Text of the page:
- 2015 Federal Election
Okanagan Symphony Orchestra brings rare handbell performance
For the secular crowd, it will be a rare opportunity to see someone perform with handbells.
The multi-octave handbell sets, this one to include 54 bells, are not a common instrument outside of a church and are rarely performed with an orchestra, as this weekend's Okanagan Symphony Orchestra concert delivers.
"They're an instrument that are as flexible as any other. They can play any kind of music in any setting…(and) it's a very visual performance. You just get this whole sea of shiny motion flying through the air," said Nikki Attwell, who leads the Okanagan Handbell Chorus, which marks its debut with the show.
Made of brass, with either a flexible plastic handle or a leather one, handbells come in octave sets of up to eight octaves, a bell for each note just like piano keys. This weekend's performance will include four and a half octaves, requiring 12 performers to play the music.
With the bells carefully laid out upon a long, padded table, the musicians will dance along to the music with perfect rhythmic precision as the audience, for at least three of the songs, sings along.
"About ten years ago we did a similar concert with an orchestra in London, Ontario," said Attwell. "We had talked about wanting to do a similar sort of thing…when Rose approached me about working with the OSO."
Musical director and conductor Rosemary Thomson is known for thinking outside the box as she plans the OSO's concerts, introducing new music to local audiences with compositions by local composers and keeping the performances real for new orchestra enthusiasts with nights like this coming February's movie themed concert.
Pulling one of the top solo handbell players in Canada, Susan Carscadden-Mifsud, in for this Christmas performance, Thomson will ensure Okanagan audiences get a taste of this unique instrument's complexity without loosing the familiarity that makes Christmas music so poignant at this time of year.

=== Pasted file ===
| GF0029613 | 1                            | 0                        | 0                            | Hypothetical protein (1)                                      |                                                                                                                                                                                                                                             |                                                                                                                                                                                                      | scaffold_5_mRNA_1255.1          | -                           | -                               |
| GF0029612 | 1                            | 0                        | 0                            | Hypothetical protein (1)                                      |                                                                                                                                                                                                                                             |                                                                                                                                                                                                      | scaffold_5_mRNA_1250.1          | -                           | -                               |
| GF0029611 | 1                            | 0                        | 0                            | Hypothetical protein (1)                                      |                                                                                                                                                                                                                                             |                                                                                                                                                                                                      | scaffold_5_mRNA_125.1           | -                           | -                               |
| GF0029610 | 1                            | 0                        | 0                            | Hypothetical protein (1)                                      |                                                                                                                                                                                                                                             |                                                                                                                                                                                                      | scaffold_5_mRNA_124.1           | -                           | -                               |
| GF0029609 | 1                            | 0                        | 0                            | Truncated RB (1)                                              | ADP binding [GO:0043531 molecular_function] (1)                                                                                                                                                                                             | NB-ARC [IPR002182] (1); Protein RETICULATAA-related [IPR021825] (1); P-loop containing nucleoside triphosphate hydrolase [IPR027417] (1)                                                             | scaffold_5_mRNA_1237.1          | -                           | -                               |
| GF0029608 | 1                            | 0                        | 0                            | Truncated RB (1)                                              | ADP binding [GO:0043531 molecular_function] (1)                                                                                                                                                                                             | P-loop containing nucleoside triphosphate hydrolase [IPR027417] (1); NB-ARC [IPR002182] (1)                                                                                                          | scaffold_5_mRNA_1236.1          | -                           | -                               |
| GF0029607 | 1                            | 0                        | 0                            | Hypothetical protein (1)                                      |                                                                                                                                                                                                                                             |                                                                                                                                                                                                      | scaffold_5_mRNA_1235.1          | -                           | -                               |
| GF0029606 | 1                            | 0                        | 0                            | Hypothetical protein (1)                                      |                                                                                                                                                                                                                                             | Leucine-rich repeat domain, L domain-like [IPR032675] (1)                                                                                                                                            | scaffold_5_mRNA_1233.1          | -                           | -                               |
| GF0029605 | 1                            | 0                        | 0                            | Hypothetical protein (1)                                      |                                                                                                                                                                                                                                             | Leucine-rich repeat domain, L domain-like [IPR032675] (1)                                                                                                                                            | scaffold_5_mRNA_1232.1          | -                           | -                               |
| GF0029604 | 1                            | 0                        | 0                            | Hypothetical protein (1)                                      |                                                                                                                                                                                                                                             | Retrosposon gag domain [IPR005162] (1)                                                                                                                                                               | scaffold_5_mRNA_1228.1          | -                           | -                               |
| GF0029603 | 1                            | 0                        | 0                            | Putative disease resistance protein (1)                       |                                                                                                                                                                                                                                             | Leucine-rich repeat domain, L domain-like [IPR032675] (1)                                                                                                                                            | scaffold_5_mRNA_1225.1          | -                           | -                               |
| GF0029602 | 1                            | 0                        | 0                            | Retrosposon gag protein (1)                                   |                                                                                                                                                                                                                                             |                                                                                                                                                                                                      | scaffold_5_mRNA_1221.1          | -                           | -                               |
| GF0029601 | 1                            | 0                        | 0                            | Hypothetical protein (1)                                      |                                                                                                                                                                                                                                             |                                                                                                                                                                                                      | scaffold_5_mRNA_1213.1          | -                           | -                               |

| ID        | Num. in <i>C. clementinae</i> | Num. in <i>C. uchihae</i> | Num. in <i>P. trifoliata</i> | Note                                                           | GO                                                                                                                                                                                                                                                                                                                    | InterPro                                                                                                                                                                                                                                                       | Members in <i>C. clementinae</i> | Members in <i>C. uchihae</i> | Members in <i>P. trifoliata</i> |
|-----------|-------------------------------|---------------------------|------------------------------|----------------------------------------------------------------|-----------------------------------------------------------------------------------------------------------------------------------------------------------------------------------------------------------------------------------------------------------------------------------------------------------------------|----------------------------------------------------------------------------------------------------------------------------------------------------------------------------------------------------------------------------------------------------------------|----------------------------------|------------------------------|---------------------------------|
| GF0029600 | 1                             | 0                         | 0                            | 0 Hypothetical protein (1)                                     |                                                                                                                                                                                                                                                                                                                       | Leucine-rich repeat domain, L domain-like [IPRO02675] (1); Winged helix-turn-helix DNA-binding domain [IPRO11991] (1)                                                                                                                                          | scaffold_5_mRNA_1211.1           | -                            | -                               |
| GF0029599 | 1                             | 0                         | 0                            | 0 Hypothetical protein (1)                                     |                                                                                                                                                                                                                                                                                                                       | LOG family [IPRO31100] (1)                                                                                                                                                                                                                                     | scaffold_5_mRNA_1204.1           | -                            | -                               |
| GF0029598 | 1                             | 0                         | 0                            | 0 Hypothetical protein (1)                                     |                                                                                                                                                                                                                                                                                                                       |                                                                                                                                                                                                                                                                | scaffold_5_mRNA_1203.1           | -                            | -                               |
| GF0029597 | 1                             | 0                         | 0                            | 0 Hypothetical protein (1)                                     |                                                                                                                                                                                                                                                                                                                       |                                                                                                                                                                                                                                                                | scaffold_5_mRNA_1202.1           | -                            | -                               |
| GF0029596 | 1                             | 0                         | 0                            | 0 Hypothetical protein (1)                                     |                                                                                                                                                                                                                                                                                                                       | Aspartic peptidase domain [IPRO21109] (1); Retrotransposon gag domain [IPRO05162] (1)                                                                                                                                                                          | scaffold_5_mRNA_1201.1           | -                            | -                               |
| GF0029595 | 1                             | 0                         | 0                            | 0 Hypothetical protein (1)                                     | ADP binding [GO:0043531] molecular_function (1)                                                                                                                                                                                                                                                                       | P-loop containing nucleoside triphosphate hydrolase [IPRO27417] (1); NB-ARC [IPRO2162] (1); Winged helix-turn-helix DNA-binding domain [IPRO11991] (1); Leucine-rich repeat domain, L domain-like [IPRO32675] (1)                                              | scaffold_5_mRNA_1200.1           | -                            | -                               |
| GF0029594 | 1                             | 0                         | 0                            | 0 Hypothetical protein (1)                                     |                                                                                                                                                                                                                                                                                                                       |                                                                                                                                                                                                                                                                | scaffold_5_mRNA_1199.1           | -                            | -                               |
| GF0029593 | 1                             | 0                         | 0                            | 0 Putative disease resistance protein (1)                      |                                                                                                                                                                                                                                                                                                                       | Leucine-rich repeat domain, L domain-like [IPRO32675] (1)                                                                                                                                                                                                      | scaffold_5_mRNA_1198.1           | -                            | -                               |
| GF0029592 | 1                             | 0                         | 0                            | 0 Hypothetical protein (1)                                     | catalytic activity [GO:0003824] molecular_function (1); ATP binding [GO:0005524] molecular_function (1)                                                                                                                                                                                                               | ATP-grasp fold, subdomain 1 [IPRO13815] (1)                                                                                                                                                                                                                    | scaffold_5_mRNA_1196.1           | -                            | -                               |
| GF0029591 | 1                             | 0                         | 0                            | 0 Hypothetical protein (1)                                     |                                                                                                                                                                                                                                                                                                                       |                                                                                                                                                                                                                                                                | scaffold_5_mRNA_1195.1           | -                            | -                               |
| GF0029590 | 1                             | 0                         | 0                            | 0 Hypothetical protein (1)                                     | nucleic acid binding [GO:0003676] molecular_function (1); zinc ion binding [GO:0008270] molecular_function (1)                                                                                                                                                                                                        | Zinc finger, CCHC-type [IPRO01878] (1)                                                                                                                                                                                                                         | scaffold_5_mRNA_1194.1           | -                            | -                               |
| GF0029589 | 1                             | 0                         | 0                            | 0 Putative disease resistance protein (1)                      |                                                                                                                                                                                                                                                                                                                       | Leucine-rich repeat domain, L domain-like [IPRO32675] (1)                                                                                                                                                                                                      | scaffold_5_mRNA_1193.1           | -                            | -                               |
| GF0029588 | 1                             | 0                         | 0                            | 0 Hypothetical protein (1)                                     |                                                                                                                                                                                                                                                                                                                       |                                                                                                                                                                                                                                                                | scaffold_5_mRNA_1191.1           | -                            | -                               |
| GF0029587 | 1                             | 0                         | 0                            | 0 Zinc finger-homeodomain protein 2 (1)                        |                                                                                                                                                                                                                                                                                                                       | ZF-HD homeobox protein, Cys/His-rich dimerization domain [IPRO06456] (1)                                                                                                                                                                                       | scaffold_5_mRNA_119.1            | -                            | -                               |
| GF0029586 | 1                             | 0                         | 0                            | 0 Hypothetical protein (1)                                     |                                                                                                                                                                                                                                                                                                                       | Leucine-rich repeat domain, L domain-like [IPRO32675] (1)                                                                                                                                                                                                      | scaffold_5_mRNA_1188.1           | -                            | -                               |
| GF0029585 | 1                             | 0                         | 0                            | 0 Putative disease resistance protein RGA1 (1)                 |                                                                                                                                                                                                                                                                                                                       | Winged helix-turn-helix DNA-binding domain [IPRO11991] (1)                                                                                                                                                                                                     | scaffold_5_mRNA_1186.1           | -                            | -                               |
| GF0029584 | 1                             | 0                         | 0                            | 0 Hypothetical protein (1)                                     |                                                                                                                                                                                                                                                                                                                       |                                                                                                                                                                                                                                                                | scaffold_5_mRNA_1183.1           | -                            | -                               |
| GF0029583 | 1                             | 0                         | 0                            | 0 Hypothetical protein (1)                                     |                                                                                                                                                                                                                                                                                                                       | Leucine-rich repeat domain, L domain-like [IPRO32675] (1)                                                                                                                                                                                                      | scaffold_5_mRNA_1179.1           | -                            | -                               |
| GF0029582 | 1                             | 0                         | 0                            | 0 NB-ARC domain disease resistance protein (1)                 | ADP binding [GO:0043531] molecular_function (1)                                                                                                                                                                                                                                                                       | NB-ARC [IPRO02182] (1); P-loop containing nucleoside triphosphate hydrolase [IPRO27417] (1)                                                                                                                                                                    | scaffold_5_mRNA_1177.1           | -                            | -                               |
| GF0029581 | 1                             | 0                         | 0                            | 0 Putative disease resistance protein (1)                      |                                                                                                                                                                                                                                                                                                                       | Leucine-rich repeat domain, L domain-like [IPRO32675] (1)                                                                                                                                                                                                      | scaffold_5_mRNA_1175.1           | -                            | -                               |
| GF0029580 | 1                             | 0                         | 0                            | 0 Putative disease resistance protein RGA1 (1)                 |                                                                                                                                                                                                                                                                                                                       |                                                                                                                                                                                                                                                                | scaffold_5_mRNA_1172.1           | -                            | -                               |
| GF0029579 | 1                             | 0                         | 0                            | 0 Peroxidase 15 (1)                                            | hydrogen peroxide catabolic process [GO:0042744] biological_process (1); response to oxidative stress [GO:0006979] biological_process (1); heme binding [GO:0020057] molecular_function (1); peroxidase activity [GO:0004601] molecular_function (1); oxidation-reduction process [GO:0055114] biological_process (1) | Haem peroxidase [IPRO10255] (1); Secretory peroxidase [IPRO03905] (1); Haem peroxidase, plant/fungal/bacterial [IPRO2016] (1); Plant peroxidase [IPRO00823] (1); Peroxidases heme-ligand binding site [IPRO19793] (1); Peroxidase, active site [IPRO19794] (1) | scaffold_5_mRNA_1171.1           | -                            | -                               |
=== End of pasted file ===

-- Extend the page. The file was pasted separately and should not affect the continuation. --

Asked to describe just how her performance will play out, Carscadden-Mifsud admitted words only befuddle the its beauty.
"It's something that's pretty difficult to explain," she said. "You kind of have to see it in action."
Carscadden-Mifsud is on YouTube showing the world just exactly what she means. With an astonishing agility and grace, she glides along behind a table ringing the bells with the look of someone who lives and breaths for the sound of their ring.
"The tradition of church bell tower ringing is where handbells began—as a rehearsal instrument for tower ringing," she said. "Over time it sort of evolved into the handbells being rung separately from the tower bells."
If there's a choir that combines the skills, she doesn't know it; but handbell ringers have been known to lead the tower bell ringing in churches as well.
Handbell ringing is a bit of a time-honoured tradition in Carscadden-Mifsud's family. Joined by her youngest sister, from Salmon Arm, in this performance, Carscadden-Mifsud said all of her siblings play, having learned from their mother on a set their grandmother bought for the family. This is quite rare for handbell players who typically join a choir to play the instrument.
Attwell and Carscadden-Mifsud also met while playing the bells in London, Ontario; they each have over thirty years of experience (Attwell started in 1977 and Carscadden-Mifsud in 1974).
There are only three handbell choirs in Kelowna.
Performances for the OSO Christmas Special will be held Friday, Dec. 16 at the Cleland Theatre in Penticton, Saturday, Dec. 17 at the Kelowna Community Theatre and Sunday, December 18 in the Vernon & District Performing Arts Centre—all at 7 p.m.
Tickets are available through TicketMaster at 1-855-985-5000 or www.ticketmaster.ca, for $41.